How Credit Cards Can Guard You Against 'Samsung Galaxy'-Like Fiascoes

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Samsung recently halted the production and sales of their Galaxy Note 7 phones due to safety concerns. Over the course of the last two months, news has spread of defective phones exploding - sometimes while in the pocket of a customer or on a plane. Luckily, Samsung has been fairly responsive to this whole situation. They have issued recalls and provided replacement phones to anyone experiencing problems. However, historically not all merchants or vendors have been as forthcoming with refunds for defective devices. In situations like these, consumers can guard themselves through a seldom talked-about perk on credit cards - purchase protection.

Whenever you charge a purchase to a credit card, you are afforded certain basic protections paid for by either the card's issuer or network. One of these benefits is called "purchase protection" and it's designed to help customers deal with issues after they completed a transaction. For example, if a tablet you bought with a credit card is damaged or stolen, many cards can refund your purchase up to a set dollar amount. The claim limit is usually somewhere around $600 - $800 per incident, with additional limits on the number of claims you can submit within a calendar year. Standard purchase protection can sometimes extend as much as 90 days after the original transaction. The case of Samsung Galaxy Note 7 phones would be well in the scope of most card refund time frames.

Sounds too good to be true? Well, there are some caveats. We can go over some of the most common ones, but it's always a good idea to read over your cardmember agreement. If you've long since thrown it out, you can request the issuer send you a new one - either by mail or electronically. Here are some things you may need to watch out for:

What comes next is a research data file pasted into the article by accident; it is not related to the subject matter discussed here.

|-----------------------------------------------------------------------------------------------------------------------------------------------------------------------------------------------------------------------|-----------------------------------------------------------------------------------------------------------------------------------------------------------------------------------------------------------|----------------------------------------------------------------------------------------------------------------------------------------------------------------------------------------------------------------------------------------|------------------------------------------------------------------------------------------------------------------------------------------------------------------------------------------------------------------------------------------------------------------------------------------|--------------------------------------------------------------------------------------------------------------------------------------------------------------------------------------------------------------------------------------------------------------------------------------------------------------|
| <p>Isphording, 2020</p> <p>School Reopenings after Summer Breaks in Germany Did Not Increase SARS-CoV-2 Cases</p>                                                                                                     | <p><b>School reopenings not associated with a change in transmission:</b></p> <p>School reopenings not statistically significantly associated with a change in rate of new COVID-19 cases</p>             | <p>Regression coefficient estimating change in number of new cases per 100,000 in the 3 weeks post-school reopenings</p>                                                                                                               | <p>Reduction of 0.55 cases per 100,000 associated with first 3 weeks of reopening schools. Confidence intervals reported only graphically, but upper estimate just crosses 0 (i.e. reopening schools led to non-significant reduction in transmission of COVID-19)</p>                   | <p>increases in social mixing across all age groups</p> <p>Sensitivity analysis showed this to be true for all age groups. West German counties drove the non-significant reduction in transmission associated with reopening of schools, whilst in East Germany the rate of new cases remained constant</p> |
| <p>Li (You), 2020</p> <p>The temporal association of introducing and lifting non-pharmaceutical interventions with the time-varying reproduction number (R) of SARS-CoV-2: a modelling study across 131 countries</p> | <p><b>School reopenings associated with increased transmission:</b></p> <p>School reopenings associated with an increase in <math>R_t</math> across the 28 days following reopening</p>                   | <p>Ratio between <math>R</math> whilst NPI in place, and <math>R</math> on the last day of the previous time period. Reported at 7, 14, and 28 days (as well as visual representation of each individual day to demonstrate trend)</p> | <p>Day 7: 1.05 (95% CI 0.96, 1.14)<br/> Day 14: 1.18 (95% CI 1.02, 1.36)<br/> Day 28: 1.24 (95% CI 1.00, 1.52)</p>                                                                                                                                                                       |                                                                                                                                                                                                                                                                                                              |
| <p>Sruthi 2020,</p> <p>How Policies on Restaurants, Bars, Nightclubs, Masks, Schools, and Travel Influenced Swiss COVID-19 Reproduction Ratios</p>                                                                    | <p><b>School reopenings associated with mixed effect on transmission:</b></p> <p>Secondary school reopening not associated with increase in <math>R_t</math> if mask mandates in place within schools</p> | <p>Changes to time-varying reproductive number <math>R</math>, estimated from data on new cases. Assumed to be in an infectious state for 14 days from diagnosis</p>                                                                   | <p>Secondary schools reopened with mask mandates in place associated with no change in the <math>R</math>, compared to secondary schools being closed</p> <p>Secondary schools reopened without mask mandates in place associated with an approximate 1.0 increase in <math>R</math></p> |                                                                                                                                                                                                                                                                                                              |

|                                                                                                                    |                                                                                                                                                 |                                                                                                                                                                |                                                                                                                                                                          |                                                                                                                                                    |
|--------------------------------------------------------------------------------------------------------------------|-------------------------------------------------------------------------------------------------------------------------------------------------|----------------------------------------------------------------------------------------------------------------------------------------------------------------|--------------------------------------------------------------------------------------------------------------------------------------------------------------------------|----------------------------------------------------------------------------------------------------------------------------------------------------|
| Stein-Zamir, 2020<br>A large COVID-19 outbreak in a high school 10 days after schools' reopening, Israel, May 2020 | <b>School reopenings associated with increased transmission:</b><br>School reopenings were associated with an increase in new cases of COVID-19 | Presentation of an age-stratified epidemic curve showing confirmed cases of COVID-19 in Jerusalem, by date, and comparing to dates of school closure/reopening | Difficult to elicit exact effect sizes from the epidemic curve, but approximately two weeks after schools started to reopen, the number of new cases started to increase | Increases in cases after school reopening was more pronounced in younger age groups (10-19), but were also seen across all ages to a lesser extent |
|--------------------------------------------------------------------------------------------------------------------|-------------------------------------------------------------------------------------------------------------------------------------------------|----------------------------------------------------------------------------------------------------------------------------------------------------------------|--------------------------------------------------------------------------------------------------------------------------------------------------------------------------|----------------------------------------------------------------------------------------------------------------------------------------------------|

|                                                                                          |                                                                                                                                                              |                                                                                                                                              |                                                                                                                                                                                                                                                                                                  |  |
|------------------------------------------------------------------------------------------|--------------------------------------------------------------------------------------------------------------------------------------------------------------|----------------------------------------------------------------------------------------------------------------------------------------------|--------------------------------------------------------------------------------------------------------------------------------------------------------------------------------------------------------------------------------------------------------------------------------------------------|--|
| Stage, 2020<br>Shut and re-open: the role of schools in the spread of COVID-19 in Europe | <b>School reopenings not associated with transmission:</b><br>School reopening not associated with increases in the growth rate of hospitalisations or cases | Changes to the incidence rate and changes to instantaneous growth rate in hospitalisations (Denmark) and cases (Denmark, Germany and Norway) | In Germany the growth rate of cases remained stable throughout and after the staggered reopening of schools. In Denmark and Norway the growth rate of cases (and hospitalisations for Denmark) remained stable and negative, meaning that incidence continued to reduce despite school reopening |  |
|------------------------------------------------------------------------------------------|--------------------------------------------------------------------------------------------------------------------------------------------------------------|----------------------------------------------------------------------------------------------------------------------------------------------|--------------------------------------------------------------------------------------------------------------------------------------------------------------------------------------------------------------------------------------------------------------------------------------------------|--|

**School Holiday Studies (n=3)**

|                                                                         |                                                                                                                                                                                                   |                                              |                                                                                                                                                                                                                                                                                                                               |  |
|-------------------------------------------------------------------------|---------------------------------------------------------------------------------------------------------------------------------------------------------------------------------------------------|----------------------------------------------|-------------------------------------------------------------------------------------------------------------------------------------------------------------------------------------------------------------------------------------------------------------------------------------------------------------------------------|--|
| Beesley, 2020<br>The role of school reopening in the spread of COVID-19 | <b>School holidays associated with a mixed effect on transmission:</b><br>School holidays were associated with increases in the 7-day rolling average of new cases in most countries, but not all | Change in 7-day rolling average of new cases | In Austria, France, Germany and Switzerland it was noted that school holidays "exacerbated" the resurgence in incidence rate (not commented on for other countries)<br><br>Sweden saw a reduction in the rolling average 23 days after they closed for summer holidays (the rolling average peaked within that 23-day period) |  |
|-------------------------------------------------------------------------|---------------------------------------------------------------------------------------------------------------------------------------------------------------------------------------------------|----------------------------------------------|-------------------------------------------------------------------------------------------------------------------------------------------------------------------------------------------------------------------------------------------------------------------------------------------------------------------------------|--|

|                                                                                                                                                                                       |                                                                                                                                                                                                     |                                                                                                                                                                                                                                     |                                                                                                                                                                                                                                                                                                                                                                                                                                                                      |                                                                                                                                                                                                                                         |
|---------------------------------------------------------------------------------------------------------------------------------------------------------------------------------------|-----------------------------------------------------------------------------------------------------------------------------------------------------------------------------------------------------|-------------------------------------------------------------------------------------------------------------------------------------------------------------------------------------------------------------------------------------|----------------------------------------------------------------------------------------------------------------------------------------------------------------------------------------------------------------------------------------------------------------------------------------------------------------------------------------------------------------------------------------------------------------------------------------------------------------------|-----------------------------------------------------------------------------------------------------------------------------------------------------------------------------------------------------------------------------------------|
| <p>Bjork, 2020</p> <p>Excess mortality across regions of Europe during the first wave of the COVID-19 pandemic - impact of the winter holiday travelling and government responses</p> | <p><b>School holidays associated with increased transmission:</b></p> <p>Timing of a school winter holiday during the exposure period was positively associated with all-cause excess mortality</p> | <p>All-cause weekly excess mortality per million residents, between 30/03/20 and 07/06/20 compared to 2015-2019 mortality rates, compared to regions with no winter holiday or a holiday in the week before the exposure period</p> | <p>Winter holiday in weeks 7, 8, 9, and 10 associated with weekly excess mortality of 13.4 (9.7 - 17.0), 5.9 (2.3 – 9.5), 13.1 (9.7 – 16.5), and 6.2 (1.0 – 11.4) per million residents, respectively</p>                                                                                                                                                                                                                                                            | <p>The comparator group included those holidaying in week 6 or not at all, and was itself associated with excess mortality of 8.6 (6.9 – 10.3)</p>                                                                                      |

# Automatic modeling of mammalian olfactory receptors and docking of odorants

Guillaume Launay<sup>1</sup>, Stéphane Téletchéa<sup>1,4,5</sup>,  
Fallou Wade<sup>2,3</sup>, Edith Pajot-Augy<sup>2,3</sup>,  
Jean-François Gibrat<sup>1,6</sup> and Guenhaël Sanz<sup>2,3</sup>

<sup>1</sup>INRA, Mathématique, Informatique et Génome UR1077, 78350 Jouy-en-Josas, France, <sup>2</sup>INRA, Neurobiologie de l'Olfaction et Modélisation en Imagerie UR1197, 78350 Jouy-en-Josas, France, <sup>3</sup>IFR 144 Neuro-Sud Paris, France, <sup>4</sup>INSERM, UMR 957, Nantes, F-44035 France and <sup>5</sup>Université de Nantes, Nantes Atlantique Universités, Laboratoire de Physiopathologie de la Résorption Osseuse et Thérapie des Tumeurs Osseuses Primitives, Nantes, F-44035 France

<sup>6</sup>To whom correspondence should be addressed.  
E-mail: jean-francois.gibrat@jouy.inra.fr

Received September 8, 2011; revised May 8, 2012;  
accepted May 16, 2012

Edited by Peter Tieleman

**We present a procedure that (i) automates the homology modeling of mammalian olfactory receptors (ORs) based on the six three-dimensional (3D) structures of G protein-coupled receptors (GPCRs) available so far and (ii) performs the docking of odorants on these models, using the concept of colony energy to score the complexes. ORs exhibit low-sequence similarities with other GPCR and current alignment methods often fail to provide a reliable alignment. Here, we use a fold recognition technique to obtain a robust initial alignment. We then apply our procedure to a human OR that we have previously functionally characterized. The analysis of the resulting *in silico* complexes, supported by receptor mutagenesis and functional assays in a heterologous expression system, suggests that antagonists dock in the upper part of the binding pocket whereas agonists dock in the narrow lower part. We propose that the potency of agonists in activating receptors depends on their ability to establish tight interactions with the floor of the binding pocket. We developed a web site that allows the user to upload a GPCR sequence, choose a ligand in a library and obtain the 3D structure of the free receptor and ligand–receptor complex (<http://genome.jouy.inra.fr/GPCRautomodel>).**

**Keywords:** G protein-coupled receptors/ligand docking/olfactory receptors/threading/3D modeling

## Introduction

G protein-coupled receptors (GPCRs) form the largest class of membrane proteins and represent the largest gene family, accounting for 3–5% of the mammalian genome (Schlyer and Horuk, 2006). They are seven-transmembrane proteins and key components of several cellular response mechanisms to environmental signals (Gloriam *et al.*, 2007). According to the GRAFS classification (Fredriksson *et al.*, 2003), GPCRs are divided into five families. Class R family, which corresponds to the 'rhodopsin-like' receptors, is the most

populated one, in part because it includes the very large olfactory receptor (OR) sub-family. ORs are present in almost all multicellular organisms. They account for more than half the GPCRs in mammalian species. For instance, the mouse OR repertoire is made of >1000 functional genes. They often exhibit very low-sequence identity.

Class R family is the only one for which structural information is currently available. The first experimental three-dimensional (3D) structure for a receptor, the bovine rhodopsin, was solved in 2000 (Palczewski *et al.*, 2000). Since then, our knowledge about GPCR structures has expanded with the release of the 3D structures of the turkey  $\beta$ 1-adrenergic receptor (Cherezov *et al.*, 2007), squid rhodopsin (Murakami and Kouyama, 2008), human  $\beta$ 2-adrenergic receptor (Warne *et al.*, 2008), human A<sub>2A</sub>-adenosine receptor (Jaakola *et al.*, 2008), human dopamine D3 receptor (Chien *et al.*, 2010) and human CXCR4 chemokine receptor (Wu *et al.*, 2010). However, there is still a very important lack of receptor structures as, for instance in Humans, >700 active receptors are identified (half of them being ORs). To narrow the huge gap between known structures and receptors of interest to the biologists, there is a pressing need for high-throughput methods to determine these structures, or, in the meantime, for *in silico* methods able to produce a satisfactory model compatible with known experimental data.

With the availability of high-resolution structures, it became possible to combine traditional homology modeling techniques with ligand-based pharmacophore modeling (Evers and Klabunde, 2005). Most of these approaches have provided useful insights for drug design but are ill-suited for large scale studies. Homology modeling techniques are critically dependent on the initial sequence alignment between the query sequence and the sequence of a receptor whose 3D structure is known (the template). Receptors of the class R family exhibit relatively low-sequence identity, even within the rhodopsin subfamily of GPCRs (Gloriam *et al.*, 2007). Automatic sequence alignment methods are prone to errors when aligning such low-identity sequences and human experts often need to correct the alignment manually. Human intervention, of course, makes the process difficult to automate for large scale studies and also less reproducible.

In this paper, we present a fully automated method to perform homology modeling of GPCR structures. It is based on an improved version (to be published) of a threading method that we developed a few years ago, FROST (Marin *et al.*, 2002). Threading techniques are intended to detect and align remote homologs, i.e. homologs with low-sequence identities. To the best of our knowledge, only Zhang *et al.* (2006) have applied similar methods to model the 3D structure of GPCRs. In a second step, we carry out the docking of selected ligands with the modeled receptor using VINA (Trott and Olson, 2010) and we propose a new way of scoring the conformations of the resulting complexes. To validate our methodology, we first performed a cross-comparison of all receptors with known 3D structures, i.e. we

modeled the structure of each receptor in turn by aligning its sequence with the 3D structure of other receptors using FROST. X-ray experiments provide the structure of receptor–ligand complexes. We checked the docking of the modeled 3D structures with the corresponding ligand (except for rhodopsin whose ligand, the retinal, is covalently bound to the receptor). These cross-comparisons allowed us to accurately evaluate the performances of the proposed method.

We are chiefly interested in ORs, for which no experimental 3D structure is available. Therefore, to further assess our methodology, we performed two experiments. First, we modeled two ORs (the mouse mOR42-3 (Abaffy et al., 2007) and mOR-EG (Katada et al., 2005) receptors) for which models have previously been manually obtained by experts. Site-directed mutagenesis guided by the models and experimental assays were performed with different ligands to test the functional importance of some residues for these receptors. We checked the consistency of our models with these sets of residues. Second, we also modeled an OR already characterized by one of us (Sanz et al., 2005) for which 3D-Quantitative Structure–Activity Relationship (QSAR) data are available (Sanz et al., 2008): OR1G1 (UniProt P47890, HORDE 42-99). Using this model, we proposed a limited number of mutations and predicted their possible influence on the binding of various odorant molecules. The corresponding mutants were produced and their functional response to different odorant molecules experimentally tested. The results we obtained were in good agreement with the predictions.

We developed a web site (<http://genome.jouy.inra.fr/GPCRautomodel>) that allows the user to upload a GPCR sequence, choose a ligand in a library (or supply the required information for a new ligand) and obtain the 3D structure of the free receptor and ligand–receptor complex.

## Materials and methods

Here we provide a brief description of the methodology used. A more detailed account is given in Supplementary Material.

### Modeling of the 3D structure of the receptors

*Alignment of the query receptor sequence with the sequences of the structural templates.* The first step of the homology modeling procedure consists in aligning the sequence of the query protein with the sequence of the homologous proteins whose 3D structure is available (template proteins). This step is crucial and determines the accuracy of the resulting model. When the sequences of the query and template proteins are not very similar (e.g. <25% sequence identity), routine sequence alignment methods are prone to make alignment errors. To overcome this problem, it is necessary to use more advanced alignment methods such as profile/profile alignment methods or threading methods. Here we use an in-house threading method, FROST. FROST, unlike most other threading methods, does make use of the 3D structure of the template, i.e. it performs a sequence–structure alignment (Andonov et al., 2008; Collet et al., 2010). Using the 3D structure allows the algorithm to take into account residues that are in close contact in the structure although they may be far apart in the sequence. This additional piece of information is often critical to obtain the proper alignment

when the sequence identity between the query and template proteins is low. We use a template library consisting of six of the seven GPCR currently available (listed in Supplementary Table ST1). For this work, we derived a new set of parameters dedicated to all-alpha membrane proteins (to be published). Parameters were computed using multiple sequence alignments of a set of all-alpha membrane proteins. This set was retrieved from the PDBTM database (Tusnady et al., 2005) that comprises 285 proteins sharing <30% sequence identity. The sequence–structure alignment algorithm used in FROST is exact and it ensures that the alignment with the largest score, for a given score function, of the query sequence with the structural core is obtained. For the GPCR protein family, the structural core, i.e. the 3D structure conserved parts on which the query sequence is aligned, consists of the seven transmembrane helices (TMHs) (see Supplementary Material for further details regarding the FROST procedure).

• You need to try and resolve the issue with the merchant first. When you submit a purchase protection claim, the issuer may sometimes want to see whether you can get a refund through the store where the purchase was made.

  • Not all items will be covered. Most issuers have a long list of exceptions that don't fall under purchase protection. For example, if you bought a used item from Craigslist, and simply paid the seller using an app like Venmo, don't expect to get a refund.
  • If you lost it, you're out of luck. Purchase protection will not grant you a refund if you simply misplaced a purchase. The issuer likes to see that you were not at fault in whatever caused the damage/loss.
  • You don't necessarily need to have an excellent FICO score to qualify for a card with this type of feature. Even select student credit cards offer purchase protection and extended warranty coverage.

    This benefit is one of the main reasons it's a good idea to put big purchases, especially electronic ones, on your credit card. If your credit score is good enough, you can also get some money off the total price through cash back programs. These discounts can net you anywhere between 2% and 5% off the total purchase price.

    As always, you shouldn't completely rely on a benefit like this. It's better to think of it as a safety net, in case all other means to get compensation fail. You should not make risky purchases anticipating that your credit card company has you covered. Because there is small print involved, you shouldn't wager hundreds of dollars on everything going 100% smoothly.